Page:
Lem Mogavero, Michaela, and Cathrine Casacci

A Picture Is Worth a Thousand Words

Pictured: Lem Mogavero, Jr., BSN, RN, CMSRN, Clinical Nurse Manager on 6 West (left), with Michaela Pastorius (center) and Cathrine Casacci, MS, BSN, RN, Executive Director, Nursing Administration

Growing up, I always knew I wanted to help people. When I was in college, I considered physical therapy and other careers in the medical field, but it wasn’t until I found out my grandfather had been a nurse that I took it seriously as a career choice. My grandfather was someone I always looked up to, and when he suggested it, I decided to give it a try. I got a job as a nurse assistant and immediately fell in love with it after experiencing the patient interaction.

I wanted a career where I could help people. And helping people means getting to know them, caring about the whole person, getting to know their family and instilling hope when possible.

My wife is a cancer survivor and a patient at Roswell Park, so I was always familiar with Roswell from that perspective before I started working here. I knew they were very patient-centered, and after spending over a decade working at another hospital, I decided I wanted to grow my career and pursue a leadership role so that I could help as many people as possible. Roswell seemed like the perfect fit.

I’ve been at Roswell Park for three years now. As a clinical nurse manager, I’m in charge of the general operations on 6 West. Being a manager comes with a lot of responsibilities — helping with development, troubleshooting, making sure my staff has what they need to do their job to the best of their ability, and making sure everything on the floor runs as smoothly as possible. I’m always busy, and there is always something that can be done to help us improve, but our patients — their treatment, mental well-being, and their families — are what is most important.

One particular day, a 19-year-old patient, Michaela, was in for her second round of chemotherapy. I heard that she was pretty depressed because she was starting to lose her hair, as most young women would be.

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I went home and talked about it with my wife, who also received her first cancer diagnosis when she was 19 years old. She also said the hardest part of her treatment was losing her hair, and while she almost wanted to give up at times, knowing that she had a niece on the way was what kept her pushing through the difficult times, because she wanted to meet that baby.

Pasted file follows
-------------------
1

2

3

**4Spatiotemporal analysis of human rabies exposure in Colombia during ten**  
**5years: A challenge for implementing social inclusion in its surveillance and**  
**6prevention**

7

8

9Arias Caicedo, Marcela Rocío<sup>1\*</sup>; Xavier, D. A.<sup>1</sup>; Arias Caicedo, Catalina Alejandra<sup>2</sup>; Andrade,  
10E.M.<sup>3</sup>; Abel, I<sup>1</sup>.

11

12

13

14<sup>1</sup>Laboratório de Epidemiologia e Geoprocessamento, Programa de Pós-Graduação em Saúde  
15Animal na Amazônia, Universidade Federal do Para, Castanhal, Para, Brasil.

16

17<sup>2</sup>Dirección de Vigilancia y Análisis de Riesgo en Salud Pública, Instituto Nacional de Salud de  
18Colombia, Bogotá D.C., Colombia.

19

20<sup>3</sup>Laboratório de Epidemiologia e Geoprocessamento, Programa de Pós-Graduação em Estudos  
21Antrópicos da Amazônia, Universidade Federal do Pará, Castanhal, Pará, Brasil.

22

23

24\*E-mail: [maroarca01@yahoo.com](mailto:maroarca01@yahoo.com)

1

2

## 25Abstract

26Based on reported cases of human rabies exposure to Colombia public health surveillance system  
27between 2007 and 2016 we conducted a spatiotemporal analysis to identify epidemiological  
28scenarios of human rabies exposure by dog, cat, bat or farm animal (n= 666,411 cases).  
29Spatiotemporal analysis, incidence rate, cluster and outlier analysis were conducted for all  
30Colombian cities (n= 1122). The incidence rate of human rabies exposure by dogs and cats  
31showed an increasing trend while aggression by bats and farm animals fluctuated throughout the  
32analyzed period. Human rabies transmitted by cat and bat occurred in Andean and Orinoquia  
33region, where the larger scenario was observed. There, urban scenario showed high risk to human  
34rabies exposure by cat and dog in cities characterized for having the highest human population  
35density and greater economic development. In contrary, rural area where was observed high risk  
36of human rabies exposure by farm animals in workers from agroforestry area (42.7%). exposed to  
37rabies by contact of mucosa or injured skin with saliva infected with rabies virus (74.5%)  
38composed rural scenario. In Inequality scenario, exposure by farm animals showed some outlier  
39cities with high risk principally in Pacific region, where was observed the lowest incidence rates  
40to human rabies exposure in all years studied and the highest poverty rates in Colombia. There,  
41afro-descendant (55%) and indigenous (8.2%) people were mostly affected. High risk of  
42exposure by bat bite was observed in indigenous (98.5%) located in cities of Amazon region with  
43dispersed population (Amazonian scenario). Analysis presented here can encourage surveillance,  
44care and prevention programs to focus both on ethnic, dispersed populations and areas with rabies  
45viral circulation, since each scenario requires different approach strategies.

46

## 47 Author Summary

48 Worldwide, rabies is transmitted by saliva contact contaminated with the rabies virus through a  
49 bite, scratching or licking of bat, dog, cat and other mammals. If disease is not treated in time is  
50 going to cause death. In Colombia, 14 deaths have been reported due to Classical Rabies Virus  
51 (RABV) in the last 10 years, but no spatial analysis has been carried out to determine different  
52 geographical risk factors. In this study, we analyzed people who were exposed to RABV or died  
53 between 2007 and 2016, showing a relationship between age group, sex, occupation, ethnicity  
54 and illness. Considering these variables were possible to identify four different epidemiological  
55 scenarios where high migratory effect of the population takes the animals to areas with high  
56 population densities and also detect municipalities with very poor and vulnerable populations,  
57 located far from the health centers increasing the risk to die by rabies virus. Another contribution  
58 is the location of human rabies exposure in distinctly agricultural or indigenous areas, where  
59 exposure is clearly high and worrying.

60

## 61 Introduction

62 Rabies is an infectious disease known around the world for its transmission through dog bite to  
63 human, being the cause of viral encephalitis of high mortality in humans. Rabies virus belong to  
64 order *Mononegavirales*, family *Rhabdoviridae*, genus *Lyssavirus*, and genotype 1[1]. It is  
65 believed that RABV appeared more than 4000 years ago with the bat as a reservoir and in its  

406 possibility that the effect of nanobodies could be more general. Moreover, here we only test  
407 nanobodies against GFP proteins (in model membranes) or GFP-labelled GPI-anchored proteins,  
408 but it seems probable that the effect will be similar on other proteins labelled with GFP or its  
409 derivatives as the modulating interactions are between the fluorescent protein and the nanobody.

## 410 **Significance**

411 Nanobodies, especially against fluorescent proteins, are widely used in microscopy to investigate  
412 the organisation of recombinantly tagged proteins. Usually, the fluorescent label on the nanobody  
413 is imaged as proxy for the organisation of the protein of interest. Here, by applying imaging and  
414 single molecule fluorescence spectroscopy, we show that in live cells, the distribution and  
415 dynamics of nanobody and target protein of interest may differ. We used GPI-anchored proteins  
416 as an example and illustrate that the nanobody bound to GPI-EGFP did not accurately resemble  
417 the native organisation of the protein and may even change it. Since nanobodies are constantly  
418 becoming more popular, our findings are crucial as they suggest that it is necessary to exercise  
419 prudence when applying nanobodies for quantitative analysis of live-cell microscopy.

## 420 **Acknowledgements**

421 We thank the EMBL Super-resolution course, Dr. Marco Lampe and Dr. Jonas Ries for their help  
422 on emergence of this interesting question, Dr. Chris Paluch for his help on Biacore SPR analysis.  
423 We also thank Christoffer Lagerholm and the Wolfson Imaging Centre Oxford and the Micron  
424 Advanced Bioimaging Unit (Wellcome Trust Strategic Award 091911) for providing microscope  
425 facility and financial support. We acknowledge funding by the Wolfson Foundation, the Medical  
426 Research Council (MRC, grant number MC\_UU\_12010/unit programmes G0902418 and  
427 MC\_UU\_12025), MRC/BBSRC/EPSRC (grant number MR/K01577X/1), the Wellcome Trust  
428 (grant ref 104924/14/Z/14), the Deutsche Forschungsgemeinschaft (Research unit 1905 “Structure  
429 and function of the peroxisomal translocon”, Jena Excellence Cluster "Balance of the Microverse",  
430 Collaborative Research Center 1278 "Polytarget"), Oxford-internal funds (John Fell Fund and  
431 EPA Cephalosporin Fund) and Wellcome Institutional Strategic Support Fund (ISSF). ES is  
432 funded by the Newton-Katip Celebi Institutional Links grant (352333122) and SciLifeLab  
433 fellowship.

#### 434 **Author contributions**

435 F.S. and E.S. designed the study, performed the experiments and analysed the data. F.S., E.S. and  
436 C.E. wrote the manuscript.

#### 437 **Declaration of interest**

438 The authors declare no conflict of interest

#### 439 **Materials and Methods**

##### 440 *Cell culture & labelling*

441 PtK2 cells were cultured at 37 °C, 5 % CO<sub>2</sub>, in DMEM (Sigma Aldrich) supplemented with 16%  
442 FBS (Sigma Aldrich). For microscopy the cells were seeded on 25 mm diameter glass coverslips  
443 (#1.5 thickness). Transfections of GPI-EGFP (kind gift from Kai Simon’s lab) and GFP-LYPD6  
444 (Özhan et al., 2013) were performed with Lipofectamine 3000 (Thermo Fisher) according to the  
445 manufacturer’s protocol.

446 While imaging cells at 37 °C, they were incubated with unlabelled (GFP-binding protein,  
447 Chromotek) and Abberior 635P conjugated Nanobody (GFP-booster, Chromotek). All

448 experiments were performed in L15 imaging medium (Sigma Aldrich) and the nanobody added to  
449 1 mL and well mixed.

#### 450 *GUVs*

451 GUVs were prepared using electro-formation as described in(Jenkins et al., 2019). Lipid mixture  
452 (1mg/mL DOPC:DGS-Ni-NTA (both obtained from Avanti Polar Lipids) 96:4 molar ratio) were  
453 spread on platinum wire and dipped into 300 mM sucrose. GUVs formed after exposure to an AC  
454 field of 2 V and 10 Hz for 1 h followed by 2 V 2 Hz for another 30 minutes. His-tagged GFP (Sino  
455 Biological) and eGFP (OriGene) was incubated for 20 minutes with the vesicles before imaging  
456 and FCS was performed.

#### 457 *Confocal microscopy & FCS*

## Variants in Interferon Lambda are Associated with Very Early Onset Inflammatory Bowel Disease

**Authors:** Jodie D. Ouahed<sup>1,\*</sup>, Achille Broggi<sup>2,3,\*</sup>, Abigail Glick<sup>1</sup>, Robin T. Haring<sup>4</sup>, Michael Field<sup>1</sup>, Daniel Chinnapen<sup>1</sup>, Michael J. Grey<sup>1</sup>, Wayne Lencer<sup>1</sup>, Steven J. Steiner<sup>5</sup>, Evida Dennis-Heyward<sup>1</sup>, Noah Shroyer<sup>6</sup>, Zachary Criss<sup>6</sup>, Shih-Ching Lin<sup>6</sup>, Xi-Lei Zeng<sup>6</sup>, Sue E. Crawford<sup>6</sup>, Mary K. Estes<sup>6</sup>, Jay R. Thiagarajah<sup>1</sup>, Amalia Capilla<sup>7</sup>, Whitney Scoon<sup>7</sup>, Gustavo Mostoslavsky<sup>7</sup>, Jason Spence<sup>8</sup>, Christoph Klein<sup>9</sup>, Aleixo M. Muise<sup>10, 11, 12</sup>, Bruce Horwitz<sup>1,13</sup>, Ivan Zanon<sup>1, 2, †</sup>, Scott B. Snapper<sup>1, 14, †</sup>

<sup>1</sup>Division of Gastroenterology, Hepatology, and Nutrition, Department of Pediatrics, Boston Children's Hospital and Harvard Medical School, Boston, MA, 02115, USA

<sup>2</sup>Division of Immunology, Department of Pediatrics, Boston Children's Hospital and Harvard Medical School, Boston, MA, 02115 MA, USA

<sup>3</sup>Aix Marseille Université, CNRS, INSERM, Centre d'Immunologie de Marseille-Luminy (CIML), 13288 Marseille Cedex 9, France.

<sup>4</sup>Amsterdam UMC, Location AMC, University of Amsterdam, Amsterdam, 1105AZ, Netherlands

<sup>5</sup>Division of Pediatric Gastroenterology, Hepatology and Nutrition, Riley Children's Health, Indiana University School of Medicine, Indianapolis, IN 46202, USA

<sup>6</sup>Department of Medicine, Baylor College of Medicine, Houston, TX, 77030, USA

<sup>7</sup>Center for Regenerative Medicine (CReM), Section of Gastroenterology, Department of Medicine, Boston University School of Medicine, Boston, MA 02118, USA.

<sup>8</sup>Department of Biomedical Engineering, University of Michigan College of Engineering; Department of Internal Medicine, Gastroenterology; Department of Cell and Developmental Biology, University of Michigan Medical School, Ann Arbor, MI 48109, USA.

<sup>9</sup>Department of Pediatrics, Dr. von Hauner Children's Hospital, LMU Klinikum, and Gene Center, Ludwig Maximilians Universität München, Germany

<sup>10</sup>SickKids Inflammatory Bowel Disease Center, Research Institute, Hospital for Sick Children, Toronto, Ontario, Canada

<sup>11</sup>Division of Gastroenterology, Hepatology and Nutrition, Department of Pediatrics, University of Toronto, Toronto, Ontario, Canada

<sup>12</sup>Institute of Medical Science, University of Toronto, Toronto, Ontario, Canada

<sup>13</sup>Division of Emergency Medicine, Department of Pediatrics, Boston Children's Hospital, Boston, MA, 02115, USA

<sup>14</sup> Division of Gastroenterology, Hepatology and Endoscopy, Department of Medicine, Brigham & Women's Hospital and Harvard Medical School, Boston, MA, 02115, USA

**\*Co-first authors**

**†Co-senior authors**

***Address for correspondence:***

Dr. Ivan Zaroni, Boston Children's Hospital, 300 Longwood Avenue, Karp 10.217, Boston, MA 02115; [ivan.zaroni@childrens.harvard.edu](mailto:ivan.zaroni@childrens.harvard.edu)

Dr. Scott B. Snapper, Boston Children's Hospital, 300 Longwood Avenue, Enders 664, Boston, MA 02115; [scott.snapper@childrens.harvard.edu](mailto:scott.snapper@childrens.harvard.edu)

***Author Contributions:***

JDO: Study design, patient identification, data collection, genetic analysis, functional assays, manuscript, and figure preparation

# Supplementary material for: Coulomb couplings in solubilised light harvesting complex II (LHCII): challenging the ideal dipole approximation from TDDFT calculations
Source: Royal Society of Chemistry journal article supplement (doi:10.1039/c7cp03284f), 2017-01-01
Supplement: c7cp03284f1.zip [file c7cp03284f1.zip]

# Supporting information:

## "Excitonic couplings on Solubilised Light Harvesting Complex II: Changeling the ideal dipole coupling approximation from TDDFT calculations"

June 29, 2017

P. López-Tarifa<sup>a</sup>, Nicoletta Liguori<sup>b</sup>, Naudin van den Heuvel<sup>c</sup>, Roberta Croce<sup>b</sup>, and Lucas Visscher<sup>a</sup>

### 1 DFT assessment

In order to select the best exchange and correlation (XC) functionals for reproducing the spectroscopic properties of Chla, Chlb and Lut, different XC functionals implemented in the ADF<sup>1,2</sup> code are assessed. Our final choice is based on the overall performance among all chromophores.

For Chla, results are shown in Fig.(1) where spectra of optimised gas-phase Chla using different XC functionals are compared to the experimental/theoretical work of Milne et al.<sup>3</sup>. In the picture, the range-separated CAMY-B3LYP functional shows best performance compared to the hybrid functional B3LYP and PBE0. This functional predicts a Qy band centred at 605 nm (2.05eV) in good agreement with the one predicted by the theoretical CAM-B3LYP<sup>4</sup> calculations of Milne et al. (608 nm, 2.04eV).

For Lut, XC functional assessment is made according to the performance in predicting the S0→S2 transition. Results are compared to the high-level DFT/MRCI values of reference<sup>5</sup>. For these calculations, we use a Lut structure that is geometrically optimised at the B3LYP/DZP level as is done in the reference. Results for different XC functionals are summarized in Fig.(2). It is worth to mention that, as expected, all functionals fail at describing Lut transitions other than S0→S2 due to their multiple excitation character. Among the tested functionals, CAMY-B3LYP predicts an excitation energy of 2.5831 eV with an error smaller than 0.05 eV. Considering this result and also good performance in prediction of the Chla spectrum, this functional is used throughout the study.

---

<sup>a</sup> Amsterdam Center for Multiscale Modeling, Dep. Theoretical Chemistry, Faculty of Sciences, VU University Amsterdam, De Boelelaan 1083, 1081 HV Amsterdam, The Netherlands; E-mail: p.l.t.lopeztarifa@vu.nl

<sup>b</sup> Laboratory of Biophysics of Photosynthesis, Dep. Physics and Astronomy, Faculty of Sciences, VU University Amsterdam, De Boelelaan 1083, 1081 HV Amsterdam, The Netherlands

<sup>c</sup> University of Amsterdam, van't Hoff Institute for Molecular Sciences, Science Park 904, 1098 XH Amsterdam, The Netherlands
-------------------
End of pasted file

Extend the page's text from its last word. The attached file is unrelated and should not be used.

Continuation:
I tried to put myself in Michaela’s shoes and went back in the next morning to sit and talk with her. I showed her pictures of my wife, when she was 19 and without hair, and pictures of her now, in her 30s with our two beautiful children. I wanted her to know that yes, this is hard, and yes, you may struggle, but you have a future and you will get through this. I could have been doing a million other things on the floor that morning, but in that moment, she was what was most important to me, and I needed her to know that she wasn’t just a patient, but a person with a life to get back to and amazing opportunities ahead of her.

I never knew just how much that conversation meant to her until I received the ROSE Award (DAISY award for nurse managers) which was a complete surprise. Nobody goes into the nursing profession for accolades; you do it because you care about people and want to help them. Michaela nominated me for the award and came to the ceremony, which made it extremely special. Knowing that she carried that conversation with her throughout her treatment means so much to me. She is currently in nursing school and is coming back to Roswell to do her internship here.

I’m so proud of her and so grateful to be in a position where I can positively impact the lives of others. You never know how much you can affect another person, but every day I try to make a connection with our patients and their families in an effort to help them find the same type of hope Michaela did.